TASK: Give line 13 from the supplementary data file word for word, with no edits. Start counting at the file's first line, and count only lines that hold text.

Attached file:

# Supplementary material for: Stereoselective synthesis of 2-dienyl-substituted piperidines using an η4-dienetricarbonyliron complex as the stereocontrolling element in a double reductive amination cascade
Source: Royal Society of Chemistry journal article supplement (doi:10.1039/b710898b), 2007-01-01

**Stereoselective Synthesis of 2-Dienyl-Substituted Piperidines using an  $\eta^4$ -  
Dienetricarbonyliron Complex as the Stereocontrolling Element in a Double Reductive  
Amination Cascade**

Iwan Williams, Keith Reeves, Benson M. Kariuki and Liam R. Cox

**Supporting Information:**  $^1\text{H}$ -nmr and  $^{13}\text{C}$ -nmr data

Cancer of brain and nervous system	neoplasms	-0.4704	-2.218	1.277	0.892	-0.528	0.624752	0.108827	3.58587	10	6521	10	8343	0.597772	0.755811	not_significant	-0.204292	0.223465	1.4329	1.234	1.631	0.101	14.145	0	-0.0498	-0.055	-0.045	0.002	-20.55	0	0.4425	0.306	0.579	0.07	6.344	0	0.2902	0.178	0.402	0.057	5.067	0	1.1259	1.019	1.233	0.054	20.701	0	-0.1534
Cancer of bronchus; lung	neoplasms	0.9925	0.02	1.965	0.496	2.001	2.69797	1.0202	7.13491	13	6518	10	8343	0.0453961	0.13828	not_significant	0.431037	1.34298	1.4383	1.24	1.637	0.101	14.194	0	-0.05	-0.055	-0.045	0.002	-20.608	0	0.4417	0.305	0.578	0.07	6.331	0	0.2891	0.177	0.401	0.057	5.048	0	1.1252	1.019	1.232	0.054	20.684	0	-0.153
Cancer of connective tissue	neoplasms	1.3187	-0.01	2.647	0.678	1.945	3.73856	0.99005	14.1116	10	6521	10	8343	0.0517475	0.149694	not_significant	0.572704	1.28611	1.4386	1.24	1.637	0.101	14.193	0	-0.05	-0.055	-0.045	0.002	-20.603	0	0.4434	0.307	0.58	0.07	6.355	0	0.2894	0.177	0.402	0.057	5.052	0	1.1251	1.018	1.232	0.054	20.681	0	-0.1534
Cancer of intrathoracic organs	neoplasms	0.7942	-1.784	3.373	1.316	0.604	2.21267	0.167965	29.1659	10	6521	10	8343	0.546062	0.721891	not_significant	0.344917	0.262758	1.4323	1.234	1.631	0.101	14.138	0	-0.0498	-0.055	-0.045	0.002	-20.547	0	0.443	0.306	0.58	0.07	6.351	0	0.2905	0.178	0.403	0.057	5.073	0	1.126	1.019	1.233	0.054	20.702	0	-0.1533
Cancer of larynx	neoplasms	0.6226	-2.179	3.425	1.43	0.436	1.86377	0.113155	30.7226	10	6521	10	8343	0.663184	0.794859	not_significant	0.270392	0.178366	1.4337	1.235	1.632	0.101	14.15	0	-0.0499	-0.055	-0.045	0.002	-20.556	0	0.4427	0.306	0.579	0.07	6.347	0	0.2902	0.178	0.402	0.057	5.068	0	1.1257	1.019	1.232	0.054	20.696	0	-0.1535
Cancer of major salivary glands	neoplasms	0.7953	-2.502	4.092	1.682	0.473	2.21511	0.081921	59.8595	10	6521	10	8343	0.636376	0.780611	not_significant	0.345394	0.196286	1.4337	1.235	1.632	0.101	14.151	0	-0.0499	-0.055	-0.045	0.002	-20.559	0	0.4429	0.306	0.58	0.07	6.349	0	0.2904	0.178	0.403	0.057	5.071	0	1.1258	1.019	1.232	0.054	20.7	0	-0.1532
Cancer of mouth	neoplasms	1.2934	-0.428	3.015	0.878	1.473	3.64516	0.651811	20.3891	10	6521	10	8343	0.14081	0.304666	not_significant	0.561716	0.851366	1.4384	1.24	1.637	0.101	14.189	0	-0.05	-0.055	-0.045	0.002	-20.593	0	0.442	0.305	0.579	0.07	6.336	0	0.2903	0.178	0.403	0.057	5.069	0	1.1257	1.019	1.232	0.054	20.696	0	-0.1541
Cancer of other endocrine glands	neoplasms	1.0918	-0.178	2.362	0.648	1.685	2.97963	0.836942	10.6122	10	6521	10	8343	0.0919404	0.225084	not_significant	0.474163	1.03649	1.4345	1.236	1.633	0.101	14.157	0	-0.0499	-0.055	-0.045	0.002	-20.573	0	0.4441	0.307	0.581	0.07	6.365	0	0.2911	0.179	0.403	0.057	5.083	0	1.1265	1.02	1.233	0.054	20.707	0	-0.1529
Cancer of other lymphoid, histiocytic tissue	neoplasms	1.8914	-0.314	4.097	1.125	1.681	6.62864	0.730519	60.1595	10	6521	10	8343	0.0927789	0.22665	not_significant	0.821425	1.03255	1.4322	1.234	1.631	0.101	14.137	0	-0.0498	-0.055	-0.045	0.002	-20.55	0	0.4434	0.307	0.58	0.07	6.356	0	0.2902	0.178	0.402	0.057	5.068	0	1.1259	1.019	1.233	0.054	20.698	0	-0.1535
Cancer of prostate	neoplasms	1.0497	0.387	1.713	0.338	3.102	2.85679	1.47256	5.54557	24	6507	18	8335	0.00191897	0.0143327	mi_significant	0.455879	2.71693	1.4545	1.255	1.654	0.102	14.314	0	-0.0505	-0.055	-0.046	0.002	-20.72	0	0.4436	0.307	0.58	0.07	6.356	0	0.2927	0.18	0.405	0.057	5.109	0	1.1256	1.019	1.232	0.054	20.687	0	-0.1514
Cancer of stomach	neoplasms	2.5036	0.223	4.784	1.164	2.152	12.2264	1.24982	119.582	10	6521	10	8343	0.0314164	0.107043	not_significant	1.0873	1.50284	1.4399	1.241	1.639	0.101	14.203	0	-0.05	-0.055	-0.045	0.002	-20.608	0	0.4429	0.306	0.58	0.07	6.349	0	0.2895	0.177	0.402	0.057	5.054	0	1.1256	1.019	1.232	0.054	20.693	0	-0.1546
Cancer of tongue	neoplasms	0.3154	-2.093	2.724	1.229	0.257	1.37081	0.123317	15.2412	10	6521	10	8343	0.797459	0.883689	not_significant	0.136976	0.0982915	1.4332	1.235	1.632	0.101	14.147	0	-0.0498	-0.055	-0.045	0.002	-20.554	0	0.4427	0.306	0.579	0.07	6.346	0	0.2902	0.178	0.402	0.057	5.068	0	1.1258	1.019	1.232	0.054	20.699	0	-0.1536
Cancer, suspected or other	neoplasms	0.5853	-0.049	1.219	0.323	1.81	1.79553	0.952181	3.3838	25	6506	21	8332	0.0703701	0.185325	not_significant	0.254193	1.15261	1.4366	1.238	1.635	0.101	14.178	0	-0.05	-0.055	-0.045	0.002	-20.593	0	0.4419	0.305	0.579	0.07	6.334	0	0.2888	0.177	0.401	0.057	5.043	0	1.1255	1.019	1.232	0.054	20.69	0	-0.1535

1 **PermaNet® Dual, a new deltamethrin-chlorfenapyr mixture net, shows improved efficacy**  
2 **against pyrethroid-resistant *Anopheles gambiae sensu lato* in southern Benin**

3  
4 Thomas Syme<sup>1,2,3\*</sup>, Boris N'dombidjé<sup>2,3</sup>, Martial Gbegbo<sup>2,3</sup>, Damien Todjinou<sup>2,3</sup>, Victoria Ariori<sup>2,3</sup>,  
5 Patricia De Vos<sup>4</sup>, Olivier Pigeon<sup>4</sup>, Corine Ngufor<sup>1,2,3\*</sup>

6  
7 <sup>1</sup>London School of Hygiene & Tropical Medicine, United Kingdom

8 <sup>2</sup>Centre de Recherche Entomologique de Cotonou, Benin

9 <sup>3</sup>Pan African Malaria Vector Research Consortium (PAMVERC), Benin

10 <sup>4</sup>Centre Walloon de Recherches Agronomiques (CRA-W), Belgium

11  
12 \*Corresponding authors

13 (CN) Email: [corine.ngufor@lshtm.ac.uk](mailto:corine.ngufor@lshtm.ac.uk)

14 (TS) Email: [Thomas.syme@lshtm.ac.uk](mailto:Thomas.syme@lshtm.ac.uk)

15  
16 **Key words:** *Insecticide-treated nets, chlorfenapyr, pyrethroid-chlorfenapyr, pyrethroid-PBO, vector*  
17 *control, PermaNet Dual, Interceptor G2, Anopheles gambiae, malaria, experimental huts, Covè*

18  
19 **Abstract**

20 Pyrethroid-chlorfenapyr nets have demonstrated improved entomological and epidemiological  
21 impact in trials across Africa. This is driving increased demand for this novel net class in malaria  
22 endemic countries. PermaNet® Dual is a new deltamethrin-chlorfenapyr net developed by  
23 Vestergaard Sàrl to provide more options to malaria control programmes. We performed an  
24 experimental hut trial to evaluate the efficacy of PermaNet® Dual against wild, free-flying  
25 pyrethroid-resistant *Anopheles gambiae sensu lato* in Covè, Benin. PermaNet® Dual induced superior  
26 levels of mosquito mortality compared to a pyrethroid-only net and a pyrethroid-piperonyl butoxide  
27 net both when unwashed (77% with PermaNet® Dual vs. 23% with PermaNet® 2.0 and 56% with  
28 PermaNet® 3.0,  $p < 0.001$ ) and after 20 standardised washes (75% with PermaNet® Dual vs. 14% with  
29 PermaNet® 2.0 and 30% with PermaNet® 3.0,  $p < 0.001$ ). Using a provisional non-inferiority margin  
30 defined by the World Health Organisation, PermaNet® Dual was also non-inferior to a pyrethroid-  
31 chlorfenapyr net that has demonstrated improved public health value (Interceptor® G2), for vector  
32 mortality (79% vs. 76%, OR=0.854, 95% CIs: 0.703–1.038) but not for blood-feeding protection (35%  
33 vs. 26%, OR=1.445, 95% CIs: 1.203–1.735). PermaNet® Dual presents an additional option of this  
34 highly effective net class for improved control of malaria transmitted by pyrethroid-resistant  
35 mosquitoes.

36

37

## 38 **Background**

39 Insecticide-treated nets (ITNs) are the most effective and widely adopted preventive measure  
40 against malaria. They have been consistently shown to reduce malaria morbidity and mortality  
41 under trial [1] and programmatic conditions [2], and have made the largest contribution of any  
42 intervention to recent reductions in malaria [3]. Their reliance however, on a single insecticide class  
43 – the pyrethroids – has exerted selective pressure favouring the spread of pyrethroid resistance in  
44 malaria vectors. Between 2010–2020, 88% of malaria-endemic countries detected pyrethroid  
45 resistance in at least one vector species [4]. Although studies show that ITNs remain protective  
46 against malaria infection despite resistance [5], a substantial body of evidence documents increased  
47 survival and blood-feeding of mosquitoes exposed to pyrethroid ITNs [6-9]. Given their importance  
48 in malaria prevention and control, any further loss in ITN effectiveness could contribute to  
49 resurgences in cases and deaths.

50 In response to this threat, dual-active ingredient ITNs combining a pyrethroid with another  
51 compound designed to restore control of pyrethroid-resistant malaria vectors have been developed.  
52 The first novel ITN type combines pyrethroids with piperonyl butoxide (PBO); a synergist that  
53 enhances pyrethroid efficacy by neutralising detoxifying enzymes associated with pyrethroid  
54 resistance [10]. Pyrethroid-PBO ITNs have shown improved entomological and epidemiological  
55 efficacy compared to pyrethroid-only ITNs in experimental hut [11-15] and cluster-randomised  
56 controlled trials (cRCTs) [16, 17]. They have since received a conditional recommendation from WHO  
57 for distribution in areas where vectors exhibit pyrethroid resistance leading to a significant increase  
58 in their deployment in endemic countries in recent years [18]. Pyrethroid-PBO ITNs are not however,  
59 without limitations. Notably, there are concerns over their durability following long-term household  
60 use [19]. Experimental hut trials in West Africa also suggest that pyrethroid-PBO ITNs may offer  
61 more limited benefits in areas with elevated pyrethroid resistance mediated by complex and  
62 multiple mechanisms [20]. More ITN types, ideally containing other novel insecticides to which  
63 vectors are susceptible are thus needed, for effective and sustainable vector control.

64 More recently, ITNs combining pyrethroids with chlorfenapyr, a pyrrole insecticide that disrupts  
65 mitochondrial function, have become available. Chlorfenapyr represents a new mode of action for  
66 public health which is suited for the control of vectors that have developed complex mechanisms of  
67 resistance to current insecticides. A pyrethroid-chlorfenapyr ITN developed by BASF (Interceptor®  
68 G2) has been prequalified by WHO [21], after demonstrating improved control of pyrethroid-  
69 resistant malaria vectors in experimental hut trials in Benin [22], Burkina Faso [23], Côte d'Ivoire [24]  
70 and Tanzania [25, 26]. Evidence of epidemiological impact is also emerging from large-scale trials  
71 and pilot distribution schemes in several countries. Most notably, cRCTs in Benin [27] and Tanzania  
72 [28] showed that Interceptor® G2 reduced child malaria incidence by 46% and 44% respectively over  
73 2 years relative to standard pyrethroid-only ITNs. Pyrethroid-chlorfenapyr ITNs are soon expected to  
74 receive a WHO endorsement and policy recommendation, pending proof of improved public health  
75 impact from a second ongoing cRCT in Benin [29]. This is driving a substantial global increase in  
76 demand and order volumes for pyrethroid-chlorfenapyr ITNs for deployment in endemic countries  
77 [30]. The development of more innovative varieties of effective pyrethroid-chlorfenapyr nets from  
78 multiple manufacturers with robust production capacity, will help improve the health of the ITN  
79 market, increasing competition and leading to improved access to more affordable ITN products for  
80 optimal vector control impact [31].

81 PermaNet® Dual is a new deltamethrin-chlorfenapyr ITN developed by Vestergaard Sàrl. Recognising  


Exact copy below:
Cancer of major salivary glands	neoplasms	0.7953	-2.502	4.092	1.682	0.473	2.21511	0.081921	59.8595	10	6521	10	8343	0.636376	0.780611	not_significant	0.345394	0.196286	1.4337	1.235	1.632	0.101	14.151	0	-0.0499	-0.055	-0.045	0.002	-20.559	0	0.4429	0.306	0.58	0.07	6.349	0	0.2904	0.178	0.403	0.057	5.071	0	1.1258	1.019	1.232	0.054	20.7	0	-0.1532